Photo by Andreas Klassen on Unsplash

From KonMari to GTD: The Rise (and Oppression) of Productivity Culture

Rachel Wayne
10 min readApr 22, 2022

Despite all the conveniences of modern life, it seems we have less time than ever before. Every hour we’re spared by a machine that washes our dishes or vacuums our floors, we’re now frantically spending on a side hustle (or, if you’re like me, stuck in traffic). The constant crunch makes me desperately wish that Hermione’s Time-Turner in Harry Potter were real.

Meanwhile, we have that many more chores to do because we’ve shifted from hand-me-downs and cast-iron cookware to fast fashion and takeout. Our world quickly becomes filled with stuff. Every gadget needs two other gadgets to function. Every product with planned obsolescence lingers in your house until you find time to repair or replace it.

As George Carlin quipped, “Your house is a place to keep your stuff while you go out and get more stuff! Sometimes you gotta move … gotta get a bigger house. Why? No room for your stuff anymore!”

So, we’re pressed for time and space, constantly busy and crowded by stuff.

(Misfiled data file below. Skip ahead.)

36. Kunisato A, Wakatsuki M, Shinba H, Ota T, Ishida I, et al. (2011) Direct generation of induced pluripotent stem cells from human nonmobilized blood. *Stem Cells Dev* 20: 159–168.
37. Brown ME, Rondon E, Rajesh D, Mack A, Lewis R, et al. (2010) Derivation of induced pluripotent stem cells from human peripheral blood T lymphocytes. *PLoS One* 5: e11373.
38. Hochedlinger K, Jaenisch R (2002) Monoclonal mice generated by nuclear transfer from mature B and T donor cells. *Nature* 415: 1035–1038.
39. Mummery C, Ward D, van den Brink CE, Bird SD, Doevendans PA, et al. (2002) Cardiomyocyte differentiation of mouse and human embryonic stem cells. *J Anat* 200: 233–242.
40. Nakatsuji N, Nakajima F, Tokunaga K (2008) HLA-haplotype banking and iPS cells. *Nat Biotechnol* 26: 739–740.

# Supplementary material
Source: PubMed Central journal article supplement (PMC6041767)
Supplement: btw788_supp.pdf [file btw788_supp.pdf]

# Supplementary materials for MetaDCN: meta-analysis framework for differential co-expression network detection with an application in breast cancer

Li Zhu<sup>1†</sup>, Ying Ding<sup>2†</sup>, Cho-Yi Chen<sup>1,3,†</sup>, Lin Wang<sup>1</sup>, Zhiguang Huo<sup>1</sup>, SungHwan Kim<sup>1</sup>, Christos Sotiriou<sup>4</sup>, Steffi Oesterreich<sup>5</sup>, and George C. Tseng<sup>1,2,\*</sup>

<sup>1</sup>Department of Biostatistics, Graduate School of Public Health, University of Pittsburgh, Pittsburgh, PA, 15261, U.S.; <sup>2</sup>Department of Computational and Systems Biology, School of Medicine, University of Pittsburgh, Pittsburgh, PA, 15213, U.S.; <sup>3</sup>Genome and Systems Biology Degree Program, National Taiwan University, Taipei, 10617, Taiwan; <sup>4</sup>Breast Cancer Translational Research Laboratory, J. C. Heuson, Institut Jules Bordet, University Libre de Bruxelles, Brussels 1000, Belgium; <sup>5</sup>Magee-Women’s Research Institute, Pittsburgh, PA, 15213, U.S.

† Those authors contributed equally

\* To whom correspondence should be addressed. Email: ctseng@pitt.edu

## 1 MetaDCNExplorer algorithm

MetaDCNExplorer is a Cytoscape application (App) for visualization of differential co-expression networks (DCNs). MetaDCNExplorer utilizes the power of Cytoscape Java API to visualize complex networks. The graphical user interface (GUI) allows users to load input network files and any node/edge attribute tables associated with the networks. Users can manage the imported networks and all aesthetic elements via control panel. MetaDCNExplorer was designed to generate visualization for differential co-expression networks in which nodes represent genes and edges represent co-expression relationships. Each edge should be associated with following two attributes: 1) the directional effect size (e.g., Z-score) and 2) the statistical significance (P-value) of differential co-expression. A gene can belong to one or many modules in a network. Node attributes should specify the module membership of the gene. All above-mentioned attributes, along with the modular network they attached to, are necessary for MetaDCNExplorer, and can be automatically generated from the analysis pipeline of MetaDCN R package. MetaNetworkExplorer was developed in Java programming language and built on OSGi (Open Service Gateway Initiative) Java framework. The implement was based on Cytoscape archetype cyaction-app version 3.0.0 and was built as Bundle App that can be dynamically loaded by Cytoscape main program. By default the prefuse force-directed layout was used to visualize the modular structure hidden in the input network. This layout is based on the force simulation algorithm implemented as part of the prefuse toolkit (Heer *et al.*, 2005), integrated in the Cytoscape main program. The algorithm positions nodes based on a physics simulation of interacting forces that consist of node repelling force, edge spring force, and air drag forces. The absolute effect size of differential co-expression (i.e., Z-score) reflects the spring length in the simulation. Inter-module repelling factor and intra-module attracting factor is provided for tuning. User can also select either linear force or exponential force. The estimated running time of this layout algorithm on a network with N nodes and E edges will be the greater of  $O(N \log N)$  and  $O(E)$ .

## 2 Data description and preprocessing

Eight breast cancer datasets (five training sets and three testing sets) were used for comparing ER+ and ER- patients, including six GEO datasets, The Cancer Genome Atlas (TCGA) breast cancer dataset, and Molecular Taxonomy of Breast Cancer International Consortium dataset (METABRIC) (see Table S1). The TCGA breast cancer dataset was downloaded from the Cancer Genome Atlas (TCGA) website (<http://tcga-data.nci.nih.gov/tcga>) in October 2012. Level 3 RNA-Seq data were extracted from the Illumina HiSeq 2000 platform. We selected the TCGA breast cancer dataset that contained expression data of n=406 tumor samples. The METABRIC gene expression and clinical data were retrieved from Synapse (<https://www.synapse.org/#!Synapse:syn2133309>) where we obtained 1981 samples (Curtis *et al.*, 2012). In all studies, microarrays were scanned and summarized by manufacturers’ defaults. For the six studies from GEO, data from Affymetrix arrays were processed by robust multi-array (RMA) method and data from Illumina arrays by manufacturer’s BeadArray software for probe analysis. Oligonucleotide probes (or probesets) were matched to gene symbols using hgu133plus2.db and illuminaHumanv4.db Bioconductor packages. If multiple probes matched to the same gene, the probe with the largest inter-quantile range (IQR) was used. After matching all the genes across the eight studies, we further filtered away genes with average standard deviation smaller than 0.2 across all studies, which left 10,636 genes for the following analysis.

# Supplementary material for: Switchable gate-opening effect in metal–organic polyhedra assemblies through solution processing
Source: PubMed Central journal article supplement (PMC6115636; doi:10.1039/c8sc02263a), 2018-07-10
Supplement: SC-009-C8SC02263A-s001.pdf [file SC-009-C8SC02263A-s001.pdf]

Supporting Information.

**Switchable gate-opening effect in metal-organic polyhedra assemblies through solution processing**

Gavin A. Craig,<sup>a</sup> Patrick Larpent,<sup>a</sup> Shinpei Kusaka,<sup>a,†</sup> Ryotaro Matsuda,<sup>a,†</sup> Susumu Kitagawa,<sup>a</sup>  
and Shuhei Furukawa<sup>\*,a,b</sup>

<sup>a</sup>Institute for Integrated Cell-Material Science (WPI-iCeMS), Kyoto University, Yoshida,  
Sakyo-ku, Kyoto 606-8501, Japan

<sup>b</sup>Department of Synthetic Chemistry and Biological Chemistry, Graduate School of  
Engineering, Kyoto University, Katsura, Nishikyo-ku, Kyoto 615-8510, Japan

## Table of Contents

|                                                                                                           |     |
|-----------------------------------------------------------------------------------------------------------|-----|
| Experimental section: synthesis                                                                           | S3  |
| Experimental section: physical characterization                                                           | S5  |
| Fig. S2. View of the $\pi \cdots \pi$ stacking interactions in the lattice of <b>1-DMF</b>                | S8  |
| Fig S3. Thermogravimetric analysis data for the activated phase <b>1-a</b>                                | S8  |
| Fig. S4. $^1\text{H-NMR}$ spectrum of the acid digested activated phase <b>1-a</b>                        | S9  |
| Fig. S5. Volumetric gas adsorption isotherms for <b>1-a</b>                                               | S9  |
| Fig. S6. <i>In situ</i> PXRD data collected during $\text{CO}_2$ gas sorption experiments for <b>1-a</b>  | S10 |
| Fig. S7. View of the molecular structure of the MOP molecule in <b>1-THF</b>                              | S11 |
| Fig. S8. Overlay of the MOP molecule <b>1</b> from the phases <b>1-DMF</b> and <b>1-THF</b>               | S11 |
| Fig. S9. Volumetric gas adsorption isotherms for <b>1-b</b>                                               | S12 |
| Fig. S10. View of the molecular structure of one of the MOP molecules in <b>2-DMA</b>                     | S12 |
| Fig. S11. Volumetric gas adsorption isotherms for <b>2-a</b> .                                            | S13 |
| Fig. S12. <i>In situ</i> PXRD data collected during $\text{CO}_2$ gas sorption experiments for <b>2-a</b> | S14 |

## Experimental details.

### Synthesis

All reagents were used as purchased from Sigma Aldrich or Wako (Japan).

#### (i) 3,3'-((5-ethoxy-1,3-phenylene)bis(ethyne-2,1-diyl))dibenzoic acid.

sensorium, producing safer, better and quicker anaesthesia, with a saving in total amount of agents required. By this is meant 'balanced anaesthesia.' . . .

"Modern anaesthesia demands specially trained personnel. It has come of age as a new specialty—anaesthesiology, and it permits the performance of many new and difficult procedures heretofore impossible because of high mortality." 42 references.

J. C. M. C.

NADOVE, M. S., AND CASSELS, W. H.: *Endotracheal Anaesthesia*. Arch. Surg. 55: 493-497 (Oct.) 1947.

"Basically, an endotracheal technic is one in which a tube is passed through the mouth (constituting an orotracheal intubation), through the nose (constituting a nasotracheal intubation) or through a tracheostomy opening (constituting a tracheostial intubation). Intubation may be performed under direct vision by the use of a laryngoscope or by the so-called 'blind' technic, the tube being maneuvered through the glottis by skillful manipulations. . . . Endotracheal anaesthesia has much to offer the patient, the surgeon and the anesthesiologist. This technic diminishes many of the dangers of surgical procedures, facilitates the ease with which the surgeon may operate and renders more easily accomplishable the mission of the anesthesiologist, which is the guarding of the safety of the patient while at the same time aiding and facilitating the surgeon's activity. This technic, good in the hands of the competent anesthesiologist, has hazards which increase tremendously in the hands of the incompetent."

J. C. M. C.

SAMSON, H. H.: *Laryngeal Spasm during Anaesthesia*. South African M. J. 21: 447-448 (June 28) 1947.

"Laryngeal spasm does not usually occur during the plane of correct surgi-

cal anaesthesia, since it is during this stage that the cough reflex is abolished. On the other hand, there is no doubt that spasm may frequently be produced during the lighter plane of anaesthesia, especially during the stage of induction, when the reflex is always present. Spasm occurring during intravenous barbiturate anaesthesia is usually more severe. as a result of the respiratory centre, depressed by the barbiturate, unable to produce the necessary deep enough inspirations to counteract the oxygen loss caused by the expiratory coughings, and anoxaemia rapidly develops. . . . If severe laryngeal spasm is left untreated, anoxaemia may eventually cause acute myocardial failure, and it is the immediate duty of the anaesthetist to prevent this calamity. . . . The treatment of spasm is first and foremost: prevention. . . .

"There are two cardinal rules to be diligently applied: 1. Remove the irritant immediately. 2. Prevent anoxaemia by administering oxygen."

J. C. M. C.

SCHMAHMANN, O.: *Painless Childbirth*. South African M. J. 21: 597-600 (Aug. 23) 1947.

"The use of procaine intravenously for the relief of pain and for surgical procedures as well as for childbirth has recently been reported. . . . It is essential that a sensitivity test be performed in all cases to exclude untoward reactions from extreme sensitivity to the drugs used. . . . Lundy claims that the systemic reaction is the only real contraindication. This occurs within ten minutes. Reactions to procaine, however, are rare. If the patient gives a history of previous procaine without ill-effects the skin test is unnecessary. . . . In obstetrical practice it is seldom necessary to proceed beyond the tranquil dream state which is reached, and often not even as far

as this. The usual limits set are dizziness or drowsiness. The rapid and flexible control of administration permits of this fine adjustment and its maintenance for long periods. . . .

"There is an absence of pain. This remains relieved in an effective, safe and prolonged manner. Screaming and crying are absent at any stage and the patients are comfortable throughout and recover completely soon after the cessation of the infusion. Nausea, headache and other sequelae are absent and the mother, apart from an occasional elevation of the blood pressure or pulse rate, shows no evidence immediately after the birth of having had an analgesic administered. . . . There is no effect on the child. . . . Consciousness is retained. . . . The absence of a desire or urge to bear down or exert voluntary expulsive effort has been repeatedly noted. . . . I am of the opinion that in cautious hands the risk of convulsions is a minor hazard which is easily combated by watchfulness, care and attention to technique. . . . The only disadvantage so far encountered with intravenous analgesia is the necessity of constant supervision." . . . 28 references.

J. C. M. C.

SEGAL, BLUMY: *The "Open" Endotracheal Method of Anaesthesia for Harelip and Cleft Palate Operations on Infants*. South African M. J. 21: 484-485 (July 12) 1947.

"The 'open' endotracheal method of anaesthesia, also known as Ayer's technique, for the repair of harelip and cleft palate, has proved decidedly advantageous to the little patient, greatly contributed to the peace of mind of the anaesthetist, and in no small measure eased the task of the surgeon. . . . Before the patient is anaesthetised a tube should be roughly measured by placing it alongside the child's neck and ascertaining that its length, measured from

It’s no wonder that productivity and decluttering books, apps, and other “stuff” now compose a $59.1 billion industry. As we futily seek order for the chaos, gurus such as David Allen and Marie Kondo are making big money off their books and products.

But are these products actually making a difference in our lives? What if the issue isn’t the cluttered house or long to-do list, but the aggressive push for us to be productive and tidy in every aspect of lives? Could the idea of productivity itself be the problem?

Churning It Out: How the Industrial Revolution Shaped Our Culture

If there’s one thing that makes humans human, it’s that we make things. Sure, we’ve seen other animals use tools, but no other species compares to our level of manufacturing. For many millennia, humans have crafted everything from cookware to weapons to toys. Some, such as arrows, didn’t take long to make, while others required much skill and devotion:

Sharon Mollerus, CC BY 2.0 via Wikimedia Commons

Rachel Wayne

Artist/anthropologist/activist writing about art, media, culture, health, science, enterprise, and where they all meet. Join my list: